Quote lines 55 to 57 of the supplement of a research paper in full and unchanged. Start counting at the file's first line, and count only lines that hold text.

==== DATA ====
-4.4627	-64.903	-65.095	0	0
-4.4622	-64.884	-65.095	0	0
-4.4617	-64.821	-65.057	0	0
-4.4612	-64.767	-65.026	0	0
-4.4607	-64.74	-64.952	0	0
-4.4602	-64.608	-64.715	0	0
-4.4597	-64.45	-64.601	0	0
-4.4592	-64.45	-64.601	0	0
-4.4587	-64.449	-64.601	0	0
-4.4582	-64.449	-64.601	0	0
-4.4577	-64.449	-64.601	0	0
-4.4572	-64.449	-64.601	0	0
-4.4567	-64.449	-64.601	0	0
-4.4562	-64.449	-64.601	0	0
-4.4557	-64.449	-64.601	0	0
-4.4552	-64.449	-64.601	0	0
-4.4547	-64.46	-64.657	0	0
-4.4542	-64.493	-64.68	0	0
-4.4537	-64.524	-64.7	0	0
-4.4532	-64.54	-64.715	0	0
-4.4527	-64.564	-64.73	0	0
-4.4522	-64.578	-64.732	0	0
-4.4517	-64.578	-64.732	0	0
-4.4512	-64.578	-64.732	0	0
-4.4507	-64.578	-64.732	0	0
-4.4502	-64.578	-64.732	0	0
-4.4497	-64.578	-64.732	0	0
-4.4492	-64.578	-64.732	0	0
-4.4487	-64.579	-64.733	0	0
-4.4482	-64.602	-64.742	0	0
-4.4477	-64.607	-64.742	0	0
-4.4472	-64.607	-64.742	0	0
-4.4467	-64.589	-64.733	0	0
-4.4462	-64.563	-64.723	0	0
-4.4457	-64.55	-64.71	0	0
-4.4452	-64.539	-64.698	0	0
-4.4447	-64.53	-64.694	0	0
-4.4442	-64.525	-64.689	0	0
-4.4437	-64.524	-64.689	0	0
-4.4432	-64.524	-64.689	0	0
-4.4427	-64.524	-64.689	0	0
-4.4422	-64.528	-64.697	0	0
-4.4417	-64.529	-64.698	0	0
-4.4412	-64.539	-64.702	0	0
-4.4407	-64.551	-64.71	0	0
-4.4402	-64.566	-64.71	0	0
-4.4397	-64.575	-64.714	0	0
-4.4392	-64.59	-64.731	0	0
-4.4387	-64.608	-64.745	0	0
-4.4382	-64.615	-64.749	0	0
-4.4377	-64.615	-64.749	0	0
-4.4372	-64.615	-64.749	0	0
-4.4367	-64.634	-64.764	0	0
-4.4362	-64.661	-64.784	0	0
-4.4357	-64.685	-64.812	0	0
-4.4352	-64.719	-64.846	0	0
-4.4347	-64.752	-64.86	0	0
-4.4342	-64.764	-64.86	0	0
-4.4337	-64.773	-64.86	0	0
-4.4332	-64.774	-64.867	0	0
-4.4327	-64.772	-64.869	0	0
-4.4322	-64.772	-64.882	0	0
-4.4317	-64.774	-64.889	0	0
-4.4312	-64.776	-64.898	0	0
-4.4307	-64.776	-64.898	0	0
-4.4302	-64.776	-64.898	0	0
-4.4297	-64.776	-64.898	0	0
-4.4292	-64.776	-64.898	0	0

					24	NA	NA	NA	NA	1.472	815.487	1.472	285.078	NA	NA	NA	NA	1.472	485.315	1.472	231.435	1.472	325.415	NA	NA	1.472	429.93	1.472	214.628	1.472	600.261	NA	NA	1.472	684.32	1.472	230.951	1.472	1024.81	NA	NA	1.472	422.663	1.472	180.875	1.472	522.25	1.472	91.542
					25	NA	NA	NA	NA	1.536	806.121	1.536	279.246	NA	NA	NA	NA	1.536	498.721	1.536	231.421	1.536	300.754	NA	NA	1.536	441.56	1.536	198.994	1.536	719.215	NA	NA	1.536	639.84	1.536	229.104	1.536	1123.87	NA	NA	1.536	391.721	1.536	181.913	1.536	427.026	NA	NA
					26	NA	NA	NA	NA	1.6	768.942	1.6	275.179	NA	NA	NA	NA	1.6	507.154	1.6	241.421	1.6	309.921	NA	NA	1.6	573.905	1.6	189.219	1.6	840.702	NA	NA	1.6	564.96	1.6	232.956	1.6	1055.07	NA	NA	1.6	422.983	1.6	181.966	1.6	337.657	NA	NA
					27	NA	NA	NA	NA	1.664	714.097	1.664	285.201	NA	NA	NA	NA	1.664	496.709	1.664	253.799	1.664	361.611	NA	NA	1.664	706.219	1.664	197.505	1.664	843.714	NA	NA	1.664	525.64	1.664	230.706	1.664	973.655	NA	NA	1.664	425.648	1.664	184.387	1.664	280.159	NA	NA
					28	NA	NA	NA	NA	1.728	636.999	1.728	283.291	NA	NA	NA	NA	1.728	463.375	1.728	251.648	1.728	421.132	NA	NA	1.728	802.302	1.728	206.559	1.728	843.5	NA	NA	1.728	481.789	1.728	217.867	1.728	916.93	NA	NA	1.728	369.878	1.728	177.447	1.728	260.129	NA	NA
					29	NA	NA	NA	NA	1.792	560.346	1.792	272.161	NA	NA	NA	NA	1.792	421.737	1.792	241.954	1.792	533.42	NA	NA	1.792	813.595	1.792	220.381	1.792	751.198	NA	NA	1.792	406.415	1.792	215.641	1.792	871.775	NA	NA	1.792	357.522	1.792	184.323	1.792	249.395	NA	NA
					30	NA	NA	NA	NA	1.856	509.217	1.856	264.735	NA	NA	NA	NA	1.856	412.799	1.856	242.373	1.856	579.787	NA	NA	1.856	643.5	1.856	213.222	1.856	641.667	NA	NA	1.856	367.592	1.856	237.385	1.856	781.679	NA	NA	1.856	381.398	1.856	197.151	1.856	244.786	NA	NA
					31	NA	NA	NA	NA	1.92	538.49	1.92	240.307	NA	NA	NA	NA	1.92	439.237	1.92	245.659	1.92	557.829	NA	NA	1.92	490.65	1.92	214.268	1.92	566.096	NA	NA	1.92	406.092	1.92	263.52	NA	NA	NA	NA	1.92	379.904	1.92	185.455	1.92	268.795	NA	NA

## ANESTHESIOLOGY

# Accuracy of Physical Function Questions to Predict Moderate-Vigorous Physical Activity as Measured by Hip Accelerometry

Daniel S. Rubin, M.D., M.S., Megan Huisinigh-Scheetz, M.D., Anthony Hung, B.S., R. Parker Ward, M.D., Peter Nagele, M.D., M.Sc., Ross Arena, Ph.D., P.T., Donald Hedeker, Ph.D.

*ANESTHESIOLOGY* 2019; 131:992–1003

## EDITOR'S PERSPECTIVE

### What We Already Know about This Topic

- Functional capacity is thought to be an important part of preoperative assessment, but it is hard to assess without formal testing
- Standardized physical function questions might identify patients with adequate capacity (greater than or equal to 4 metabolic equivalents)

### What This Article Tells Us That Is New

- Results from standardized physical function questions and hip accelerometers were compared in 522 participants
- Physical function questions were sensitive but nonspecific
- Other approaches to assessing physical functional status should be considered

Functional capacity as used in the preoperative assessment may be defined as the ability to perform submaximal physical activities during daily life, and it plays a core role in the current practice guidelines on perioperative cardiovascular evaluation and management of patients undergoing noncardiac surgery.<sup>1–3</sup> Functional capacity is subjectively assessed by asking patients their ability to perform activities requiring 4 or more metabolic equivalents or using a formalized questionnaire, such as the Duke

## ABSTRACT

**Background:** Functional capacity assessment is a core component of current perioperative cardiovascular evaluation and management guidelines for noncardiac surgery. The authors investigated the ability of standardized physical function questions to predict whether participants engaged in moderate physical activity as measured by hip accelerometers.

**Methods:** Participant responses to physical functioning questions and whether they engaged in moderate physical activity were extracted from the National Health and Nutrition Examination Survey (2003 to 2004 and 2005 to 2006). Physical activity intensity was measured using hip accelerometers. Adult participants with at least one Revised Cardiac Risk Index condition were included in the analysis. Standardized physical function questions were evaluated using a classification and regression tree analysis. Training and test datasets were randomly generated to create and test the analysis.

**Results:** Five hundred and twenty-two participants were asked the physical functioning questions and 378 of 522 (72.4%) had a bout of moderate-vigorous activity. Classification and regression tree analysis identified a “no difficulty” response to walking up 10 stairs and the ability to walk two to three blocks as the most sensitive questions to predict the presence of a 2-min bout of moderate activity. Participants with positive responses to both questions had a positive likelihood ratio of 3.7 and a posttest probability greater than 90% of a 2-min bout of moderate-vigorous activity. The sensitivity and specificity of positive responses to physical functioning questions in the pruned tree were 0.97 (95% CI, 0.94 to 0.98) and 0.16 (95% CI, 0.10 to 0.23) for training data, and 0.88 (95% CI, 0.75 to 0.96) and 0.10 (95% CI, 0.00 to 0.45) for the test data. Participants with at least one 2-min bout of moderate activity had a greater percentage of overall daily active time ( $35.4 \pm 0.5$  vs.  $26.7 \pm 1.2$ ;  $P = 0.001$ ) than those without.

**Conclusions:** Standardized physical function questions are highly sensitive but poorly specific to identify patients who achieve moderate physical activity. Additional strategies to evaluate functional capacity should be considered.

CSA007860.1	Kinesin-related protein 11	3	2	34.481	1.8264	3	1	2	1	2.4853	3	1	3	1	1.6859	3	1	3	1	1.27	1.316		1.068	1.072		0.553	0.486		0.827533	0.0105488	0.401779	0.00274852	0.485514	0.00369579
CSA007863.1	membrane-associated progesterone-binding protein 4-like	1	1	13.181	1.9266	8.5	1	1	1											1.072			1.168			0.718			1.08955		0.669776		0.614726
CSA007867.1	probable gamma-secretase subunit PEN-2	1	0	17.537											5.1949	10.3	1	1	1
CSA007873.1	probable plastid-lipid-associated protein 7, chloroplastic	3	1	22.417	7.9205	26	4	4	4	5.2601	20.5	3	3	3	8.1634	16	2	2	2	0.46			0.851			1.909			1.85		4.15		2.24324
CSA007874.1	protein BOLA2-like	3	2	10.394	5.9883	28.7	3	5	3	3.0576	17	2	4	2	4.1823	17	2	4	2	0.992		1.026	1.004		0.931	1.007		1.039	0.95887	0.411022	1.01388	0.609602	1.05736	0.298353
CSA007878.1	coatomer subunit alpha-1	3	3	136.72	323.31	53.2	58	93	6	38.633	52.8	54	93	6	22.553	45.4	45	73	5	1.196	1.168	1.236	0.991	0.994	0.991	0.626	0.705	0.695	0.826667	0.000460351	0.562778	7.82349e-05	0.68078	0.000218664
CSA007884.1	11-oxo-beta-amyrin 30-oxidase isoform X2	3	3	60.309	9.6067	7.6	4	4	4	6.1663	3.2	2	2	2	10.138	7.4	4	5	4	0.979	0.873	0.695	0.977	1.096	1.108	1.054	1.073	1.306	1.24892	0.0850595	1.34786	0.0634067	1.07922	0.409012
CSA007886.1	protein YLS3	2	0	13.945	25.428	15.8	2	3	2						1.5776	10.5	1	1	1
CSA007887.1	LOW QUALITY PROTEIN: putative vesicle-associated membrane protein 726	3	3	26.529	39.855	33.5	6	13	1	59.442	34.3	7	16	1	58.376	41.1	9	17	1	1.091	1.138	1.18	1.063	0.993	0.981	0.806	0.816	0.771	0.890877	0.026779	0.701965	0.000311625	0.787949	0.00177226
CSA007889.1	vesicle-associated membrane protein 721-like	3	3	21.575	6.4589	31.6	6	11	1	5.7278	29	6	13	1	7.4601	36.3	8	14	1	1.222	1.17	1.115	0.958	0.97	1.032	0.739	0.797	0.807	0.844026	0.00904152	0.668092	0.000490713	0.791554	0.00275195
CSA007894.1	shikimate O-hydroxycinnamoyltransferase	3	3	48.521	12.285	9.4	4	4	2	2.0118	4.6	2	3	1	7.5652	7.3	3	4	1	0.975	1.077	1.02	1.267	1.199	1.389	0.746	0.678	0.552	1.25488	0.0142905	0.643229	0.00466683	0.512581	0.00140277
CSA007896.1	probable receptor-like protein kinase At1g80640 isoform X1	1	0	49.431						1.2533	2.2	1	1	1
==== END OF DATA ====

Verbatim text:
-4.4357	-64.685	-64.812	0	0
-4.4352	-64.719	-64.846	0	0
-4.4347	-64.752	-64.86	0	0